Wreck Desc Spar
SPAR's second namesake is the Coast Guard Cutter SPAR. Most of SPAR's story is made up of meeting the day-to-day challenges of the Coast Guard's operational missions. But in more than fifty years of seagoing life, SPAR did have a number of moments that have enriched our service's history. They have also provided a heritage for those who will serve aboard her namesake, the cutter that we will launch today.
The original CGC SPAR was named after the women's reserve and launched at the Marine Iron and Ship building Company in Duluth, Minnesota on November 21, 1943. She was commissioned on June 12, 1944, and stationed in Boston, Massachusetts. SPAR was quickly directed to assist in the war effort. She participated in convoy duty in support of anti-submarine warfare off the coast of Brazil.
At the close of the war, SPAR returned to New England. In December of 1946, she changed her homeport to Wood's Hole, Massachusetts. SPAR served 11 years there before changing homeports to Bristol, Rhode Island in June 1953.
That year, SPAR conducted hydrographic operations throughout the Northwest Passage in company with the cutters STORIS and BRAMBLE. When she returned to her homeport in Bristol, RI, she was the first vessel to circumnavigate the North American continent. President Eisenhower sent his personal congratulations for this accomplishment.
With most of the Western Hemisphere transits already made, SPAR crossed the Atlantic in 1966. Her destination was Spitsbergen, Norway where she was called upon to measure the ocean topography in the Jan Mayen Fracture Zone area. During this voyage, she logged more than 17,000 miles while visiting ports in Iceland, Norway, Denmark, Germany, and Ireland.
In April of 1967, SPAR changed homeports once again and return ed to Boston, Massachusetts. Once there, the captains and crews of SPAR and CACTUS traded cutters. SPAR remained in Boston until March 1973, when she was reassigned to her last homeport in Portland, Maine.
During the 1970's, the Coast Guard's mission profile changed, and SPAR kept pace with the new operations. She played a key role in the massive oil spill cleanup operations after the tanker ARGO MERCHANT ran aground off Cape Cod in 1976, acting as the test platform for various attempts to clean up the spill. SPAR received a Letter of Commendation from the Commandant of the Coast Guard.
In 1981, SPAR set the record for a buoy tender by receiving the highest mark ever attained at Refresher Training at Little Creek, VA. She returned to Little Creek in 1983, 1985, 1987, 1989, 1992, and 1995, and continued to receive outstanding marks, proudly displaying the Gold "E" with three service stripes for nine consecutive overall excellent scores in operations and seamanship training.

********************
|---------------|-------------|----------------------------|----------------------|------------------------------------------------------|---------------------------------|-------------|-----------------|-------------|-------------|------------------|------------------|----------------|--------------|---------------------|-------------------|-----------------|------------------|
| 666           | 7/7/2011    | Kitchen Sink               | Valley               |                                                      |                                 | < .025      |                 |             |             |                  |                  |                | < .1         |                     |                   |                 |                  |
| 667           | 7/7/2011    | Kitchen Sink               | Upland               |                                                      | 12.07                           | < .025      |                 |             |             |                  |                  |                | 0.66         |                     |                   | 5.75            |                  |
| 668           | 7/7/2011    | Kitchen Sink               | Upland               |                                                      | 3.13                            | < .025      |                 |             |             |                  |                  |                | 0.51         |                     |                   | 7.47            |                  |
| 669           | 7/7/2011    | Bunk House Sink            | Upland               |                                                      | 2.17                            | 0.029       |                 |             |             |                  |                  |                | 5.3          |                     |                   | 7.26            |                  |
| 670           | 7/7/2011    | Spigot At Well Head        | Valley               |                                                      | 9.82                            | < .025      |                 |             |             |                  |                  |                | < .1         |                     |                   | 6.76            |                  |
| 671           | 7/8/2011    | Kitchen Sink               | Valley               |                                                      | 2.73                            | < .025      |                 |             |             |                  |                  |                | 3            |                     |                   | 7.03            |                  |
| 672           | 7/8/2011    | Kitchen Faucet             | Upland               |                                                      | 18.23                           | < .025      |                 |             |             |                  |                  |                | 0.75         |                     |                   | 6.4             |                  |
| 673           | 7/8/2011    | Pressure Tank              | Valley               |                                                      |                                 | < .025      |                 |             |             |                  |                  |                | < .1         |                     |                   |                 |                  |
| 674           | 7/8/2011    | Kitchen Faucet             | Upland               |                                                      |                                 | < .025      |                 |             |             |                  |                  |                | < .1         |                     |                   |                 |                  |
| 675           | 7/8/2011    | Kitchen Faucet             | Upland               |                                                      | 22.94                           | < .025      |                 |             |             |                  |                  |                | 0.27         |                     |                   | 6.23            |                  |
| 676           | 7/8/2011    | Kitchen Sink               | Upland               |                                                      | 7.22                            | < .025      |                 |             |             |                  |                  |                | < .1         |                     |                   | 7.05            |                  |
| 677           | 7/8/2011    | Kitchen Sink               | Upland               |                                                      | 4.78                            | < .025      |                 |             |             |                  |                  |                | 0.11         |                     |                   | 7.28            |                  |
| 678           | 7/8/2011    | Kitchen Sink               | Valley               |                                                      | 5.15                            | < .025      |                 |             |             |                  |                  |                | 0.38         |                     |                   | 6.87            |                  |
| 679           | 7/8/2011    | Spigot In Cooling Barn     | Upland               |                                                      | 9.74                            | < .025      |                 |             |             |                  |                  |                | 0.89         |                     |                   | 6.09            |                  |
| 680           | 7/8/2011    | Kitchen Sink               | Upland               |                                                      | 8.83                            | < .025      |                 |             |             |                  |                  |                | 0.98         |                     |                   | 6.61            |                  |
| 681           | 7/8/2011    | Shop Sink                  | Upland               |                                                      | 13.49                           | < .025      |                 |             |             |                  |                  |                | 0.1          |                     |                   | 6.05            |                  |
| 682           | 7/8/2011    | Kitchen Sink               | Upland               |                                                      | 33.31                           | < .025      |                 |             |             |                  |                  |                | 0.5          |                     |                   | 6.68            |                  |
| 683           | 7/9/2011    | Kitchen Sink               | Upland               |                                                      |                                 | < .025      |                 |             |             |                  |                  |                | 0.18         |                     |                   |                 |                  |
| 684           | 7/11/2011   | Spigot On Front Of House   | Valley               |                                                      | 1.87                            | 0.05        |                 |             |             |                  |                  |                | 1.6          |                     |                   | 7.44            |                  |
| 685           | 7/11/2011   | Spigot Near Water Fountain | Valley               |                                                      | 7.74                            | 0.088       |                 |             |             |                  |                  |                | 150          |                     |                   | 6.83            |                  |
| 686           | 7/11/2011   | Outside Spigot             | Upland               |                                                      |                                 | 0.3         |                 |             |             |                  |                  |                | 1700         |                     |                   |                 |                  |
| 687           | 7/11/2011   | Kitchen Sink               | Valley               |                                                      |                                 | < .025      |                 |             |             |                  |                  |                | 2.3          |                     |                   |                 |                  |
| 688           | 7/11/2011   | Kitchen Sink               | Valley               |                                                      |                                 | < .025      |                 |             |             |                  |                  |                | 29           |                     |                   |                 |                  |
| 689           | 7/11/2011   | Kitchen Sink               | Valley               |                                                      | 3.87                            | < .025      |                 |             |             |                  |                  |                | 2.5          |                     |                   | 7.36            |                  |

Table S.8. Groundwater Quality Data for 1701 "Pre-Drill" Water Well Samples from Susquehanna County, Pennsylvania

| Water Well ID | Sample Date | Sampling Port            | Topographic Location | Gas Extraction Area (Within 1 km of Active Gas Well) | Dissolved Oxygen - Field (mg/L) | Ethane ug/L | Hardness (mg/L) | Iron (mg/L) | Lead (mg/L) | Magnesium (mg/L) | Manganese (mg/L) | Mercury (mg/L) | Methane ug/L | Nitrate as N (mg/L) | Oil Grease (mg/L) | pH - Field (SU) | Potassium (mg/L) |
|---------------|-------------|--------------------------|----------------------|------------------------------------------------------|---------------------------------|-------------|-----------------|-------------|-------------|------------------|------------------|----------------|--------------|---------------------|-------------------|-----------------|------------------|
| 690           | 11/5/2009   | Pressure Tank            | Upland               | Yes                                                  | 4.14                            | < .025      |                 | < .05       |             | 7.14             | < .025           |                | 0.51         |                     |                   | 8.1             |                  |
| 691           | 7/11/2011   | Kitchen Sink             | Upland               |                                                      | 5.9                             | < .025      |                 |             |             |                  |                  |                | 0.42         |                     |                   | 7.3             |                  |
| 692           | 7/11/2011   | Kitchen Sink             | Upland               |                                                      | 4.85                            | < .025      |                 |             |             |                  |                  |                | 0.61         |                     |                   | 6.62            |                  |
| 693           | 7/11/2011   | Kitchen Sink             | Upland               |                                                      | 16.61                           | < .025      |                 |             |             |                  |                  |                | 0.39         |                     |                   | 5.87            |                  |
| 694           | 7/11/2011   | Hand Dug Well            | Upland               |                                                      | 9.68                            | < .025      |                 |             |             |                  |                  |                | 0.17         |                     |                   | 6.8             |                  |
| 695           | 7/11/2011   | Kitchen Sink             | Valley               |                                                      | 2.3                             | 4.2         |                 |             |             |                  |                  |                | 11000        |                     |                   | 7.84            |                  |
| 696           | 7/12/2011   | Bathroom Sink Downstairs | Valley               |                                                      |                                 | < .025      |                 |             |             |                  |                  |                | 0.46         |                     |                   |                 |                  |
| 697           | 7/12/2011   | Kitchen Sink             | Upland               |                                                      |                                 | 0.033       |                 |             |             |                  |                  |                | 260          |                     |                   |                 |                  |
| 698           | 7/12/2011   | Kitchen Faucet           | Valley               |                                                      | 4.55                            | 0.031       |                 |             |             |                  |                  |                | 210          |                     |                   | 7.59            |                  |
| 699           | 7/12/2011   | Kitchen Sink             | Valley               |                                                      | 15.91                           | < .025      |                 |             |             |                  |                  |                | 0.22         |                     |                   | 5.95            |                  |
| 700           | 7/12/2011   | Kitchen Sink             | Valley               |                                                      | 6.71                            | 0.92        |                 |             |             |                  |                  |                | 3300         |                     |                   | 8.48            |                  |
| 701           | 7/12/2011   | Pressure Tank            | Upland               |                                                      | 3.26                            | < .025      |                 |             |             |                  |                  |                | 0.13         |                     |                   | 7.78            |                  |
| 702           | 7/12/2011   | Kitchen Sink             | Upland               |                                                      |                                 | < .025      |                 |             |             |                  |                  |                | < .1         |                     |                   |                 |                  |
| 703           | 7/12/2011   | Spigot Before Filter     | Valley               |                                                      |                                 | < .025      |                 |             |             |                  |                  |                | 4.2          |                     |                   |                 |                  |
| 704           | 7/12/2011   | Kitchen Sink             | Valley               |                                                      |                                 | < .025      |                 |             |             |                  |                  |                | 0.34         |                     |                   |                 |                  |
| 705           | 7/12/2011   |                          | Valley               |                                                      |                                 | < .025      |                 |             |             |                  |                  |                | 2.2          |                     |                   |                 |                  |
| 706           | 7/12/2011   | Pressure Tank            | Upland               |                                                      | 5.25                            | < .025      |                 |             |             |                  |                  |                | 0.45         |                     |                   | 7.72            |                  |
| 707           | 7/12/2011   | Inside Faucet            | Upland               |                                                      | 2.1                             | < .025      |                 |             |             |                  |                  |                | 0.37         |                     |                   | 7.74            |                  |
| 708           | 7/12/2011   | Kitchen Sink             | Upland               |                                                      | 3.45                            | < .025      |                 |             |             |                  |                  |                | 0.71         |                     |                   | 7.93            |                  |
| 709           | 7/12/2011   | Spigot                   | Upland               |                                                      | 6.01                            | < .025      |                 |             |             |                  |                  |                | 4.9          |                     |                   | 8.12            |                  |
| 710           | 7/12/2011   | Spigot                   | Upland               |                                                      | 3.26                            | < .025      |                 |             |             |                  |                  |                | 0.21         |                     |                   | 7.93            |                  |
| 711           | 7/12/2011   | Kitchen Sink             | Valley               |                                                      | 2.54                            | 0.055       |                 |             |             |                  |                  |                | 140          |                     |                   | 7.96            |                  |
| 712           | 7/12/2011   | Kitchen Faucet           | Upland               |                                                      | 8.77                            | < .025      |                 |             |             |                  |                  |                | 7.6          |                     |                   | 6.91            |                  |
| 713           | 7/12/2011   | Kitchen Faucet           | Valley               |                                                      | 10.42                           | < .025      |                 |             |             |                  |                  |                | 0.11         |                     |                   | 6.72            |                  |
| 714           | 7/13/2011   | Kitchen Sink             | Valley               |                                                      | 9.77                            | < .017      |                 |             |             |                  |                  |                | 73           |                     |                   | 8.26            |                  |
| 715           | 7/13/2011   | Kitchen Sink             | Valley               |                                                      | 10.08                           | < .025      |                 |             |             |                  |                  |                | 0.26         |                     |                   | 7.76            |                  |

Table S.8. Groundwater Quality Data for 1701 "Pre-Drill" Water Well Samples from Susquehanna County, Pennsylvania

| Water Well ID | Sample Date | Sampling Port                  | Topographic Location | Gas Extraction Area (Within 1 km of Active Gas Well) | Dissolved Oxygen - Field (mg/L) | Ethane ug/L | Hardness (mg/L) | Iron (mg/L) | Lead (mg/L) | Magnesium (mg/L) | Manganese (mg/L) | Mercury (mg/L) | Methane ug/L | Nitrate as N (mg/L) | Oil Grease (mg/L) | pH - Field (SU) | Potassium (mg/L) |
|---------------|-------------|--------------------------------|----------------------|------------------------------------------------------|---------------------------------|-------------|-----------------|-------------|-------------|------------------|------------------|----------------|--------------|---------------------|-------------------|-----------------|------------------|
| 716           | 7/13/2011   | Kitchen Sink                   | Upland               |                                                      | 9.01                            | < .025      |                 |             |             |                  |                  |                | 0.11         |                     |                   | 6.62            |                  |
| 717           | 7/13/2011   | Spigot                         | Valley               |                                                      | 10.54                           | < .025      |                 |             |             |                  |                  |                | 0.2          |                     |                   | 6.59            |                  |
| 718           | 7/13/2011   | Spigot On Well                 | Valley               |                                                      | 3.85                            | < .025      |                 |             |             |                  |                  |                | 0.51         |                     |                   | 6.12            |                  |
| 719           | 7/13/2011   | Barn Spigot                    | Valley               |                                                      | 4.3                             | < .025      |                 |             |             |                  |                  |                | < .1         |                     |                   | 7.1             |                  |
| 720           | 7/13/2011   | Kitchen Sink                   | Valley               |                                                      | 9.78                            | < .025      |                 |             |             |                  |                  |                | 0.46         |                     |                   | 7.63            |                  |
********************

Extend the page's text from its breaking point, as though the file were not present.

These historical events notwithstanding, SPAR was a working ship, a Class "C" Seagoing Buoy Tender. Her overall length was 180 feet, with a beam of 37 feet. She had an ice reinforced steel hull with a displacement of 1025 tons. She was powered by a diesel-electric propulsion plant driving a single propeller with a total of 1200 horsepower. She could reach a maximum speed of twelve knots. Her working operations area was servicing aids to navigation from Ports mouth, New Hampshire to the northeastern tip of Maine, a distance of more than 227 miles. Most of her time was dedicated to servicing about 200 floating aids, as well as providing logistical support to seven lighthouses. In the winter she carried out icebreaking operations in Cape Cod Canal, Buzzard's Bay, and performed an annual lighthouse maintenance project for her operational area. She attended Refresher Training in Little Creek, VA every eighteen to twenty-four months, and spent time at the CG Yard biannually. Her normal complement of personnel was seven officers and fifty-five enlisted.
From her homeport in South Portland, Maine, SPAR serviced an operational area that includes some of the most scenic coastline in the country. She worked among hundreds of islands, mostly uninhabited, that are scattered along the coast of Maine. The treacherous shoals, ledges, and currents, as well as the ever-changing weather, made for challenging navigation and piloting to ensure that the all-important buoys were always on station and working properly.
SPAR was decommissioned on February 28, 1997.